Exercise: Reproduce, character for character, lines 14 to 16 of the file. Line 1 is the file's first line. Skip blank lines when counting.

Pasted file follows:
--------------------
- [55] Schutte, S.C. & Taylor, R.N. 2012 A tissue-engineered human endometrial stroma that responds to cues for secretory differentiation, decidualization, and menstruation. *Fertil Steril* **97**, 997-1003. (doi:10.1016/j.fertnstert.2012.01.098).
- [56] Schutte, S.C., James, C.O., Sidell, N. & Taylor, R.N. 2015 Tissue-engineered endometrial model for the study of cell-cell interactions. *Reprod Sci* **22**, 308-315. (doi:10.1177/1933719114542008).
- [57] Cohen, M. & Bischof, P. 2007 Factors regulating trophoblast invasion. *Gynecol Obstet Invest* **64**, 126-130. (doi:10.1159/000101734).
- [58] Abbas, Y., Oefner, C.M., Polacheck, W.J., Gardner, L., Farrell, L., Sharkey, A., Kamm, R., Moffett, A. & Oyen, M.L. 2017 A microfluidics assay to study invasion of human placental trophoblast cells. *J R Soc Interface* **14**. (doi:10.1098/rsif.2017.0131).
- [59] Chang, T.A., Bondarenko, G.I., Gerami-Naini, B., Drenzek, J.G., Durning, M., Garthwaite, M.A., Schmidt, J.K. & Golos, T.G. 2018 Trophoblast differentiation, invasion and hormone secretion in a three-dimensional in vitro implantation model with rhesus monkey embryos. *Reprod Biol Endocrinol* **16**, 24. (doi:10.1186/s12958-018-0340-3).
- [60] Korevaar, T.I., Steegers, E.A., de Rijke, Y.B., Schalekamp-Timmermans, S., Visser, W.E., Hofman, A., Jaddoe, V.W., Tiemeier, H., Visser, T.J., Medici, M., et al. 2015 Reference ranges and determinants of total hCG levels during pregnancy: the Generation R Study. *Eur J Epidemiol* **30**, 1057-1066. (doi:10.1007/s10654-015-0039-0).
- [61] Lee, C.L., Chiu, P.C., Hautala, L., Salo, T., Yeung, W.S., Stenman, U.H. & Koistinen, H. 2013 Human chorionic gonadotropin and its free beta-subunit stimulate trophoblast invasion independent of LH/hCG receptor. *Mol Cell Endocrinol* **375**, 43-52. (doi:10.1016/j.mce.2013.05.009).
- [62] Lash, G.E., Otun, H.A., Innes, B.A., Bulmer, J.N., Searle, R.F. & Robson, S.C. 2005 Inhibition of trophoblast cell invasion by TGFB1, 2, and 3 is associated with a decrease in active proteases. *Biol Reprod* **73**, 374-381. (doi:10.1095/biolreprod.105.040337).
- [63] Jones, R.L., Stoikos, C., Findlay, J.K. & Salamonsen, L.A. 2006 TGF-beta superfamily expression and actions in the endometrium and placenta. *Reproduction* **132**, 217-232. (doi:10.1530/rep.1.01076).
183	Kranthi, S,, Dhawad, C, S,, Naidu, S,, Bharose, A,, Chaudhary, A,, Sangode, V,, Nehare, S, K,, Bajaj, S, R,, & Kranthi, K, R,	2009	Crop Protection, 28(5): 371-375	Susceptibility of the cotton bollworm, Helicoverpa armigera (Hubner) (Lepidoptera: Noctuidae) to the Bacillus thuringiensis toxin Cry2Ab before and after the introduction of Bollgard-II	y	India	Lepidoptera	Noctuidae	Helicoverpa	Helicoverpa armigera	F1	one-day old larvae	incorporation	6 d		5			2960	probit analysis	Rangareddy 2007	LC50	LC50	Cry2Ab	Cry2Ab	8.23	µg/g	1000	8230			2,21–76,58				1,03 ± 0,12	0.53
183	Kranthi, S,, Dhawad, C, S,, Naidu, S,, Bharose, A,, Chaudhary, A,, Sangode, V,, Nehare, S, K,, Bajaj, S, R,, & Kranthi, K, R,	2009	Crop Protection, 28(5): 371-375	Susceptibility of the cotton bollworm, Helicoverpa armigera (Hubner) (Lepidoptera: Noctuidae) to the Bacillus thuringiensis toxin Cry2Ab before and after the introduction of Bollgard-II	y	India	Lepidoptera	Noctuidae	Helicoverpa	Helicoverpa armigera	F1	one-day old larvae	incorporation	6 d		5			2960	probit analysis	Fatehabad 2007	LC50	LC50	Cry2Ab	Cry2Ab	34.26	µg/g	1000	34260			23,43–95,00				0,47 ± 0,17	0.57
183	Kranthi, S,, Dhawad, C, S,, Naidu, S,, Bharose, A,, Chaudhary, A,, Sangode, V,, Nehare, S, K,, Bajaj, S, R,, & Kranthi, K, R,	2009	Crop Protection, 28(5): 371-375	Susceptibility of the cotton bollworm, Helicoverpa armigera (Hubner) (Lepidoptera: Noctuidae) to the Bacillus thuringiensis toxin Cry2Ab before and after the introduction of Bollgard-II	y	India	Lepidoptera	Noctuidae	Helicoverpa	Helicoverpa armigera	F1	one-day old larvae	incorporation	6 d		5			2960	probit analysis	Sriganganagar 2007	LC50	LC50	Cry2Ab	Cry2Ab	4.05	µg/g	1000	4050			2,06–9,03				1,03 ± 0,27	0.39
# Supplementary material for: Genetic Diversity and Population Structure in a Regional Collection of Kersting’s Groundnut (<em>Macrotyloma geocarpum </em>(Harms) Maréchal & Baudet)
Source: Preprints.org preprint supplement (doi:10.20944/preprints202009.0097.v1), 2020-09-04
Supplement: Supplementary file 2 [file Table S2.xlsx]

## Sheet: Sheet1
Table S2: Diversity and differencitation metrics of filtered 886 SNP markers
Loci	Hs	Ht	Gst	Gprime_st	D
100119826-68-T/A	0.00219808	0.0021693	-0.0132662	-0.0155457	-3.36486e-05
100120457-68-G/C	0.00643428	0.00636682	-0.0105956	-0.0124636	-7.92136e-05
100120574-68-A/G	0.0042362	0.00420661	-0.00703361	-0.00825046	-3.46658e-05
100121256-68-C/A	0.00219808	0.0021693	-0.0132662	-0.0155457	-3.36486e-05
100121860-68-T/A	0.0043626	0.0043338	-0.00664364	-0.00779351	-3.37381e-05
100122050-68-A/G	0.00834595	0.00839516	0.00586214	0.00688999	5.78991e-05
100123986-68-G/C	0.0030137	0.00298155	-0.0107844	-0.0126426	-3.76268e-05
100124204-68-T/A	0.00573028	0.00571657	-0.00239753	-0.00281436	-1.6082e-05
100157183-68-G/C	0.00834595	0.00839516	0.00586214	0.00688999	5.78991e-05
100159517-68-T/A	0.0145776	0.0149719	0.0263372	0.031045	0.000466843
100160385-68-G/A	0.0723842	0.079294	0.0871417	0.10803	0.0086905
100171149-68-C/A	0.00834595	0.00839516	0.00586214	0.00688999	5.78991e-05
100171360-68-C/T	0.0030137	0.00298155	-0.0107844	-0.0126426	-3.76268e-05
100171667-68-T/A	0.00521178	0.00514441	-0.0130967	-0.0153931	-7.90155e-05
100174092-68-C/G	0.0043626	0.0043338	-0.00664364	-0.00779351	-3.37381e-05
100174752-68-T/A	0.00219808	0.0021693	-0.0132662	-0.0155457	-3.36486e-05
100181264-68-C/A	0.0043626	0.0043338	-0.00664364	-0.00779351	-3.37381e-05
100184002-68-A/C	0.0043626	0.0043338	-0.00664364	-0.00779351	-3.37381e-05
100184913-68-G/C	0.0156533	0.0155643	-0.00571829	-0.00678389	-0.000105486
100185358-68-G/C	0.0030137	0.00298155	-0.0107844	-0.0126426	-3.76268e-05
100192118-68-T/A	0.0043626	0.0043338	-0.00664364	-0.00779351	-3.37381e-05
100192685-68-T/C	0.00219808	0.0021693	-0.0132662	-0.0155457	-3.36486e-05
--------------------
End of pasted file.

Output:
Source: Preprints.org preprint supplement (doi:10.20944/preprints202009.0097.v1), 2020-09-04
Supplement: Supplementary file 2 [file Table S2.xlsx]

## Sheet: Sheet1